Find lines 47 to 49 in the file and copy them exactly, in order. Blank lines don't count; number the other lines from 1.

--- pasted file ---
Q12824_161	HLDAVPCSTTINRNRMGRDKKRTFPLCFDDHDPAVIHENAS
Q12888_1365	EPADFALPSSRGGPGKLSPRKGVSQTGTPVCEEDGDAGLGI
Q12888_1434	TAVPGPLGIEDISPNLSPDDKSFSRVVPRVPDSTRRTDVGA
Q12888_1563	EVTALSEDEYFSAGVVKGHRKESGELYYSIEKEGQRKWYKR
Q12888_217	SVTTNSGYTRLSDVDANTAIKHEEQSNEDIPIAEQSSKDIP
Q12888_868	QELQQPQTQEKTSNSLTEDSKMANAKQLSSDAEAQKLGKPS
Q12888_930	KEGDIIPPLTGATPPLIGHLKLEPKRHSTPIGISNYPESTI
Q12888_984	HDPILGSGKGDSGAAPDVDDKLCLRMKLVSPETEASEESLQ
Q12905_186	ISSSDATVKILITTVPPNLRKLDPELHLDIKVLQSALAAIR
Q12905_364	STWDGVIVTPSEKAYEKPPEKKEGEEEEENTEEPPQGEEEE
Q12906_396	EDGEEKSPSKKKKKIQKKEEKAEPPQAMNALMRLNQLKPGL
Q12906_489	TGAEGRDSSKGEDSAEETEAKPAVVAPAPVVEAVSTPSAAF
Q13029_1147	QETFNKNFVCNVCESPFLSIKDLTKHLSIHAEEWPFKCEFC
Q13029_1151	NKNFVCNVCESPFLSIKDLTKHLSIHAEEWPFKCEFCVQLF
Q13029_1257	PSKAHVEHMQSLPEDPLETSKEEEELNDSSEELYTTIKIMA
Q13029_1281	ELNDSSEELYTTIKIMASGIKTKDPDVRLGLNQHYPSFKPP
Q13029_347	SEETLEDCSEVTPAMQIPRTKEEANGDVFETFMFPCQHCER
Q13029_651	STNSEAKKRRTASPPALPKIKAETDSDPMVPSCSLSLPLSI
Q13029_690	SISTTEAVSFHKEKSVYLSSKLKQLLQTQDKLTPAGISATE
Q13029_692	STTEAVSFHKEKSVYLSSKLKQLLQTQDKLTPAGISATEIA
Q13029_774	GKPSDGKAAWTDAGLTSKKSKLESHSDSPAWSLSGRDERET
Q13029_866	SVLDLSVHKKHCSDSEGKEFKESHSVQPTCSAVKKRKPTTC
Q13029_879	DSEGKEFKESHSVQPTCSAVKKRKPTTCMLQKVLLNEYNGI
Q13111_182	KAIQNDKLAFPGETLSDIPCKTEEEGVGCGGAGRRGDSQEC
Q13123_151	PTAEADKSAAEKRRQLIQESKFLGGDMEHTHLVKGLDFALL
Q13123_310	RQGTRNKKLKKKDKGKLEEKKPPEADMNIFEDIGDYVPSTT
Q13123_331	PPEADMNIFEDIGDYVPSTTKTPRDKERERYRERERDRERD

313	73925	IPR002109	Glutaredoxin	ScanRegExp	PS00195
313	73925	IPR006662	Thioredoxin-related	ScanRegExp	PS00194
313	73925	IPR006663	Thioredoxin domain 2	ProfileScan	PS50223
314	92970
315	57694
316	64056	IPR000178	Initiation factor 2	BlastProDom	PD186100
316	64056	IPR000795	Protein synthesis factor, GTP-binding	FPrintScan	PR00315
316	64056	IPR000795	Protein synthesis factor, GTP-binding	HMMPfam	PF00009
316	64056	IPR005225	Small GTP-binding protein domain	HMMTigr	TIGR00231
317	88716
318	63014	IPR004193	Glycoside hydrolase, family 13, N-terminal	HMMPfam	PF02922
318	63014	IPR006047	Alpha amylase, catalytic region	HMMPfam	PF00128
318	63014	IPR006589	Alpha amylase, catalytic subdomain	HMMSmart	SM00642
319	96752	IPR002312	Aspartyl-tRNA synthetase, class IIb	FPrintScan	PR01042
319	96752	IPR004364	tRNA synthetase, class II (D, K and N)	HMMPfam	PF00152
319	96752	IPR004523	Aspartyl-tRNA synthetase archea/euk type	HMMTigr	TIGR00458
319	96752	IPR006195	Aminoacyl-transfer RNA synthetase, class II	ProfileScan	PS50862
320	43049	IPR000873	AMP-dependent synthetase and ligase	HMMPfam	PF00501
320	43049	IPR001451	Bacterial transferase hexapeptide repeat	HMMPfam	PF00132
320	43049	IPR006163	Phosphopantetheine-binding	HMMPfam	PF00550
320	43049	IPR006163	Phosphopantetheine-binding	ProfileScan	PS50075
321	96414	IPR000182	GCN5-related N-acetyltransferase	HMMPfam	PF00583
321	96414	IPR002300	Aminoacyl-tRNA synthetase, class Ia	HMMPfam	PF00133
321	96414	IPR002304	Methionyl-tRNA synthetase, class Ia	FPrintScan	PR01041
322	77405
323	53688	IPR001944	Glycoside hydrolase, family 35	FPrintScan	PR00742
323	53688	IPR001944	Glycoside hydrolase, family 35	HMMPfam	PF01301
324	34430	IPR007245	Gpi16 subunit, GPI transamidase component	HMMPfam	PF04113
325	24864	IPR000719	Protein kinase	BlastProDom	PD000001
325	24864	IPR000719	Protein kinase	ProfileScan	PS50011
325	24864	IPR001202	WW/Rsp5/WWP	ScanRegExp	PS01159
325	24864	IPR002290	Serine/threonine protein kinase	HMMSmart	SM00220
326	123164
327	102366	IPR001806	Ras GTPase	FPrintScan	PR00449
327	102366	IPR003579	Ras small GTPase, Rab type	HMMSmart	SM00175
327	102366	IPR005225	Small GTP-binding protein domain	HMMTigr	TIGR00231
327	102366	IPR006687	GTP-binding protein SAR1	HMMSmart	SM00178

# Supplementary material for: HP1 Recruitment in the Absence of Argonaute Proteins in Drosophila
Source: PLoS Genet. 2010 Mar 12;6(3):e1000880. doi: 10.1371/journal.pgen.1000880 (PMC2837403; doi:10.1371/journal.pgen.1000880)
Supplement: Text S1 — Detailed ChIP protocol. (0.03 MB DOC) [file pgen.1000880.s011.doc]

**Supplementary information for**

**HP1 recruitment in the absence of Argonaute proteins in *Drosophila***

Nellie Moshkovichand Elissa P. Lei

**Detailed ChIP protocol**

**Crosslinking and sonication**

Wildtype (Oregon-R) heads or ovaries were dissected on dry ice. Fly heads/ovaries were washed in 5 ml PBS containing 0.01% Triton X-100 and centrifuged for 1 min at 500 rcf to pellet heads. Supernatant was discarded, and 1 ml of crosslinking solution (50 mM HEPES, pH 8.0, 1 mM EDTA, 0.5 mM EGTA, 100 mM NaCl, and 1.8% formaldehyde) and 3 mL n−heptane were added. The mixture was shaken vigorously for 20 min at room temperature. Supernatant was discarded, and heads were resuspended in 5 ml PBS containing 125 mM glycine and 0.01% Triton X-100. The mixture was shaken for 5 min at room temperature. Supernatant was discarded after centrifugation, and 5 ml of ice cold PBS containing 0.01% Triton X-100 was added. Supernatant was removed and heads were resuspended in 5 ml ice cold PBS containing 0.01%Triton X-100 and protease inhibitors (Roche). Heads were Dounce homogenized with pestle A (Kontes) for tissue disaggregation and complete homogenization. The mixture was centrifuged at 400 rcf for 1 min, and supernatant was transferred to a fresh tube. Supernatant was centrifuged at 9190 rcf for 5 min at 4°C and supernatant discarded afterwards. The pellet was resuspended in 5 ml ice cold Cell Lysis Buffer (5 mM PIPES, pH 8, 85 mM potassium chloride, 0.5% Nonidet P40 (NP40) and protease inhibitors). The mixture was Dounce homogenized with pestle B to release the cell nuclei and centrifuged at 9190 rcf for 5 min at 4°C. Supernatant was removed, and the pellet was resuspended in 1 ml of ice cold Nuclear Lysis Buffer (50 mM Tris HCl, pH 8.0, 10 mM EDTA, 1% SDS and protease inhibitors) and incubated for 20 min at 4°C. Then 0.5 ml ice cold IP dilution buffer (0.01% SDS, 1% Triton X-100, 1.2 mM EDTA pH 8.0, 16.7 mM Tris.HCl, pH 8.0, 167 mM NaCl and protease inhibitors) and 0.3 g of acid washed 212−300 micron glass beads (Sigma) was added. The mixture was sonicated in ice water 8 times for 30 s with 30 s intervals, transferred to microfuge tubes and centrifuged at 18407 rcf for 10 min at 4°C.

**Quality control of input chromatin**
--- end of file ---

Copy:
320	43049	IPR006163	Phosphopantetheine-binding	HMMPfam	PF00550
320	43049	IPR006163	Phosphopantetheine-binding	ProfileScan	PS50075
321	96414	IPR000182	GCN5-related N-acetyltransferase	HMMPfam	PF00583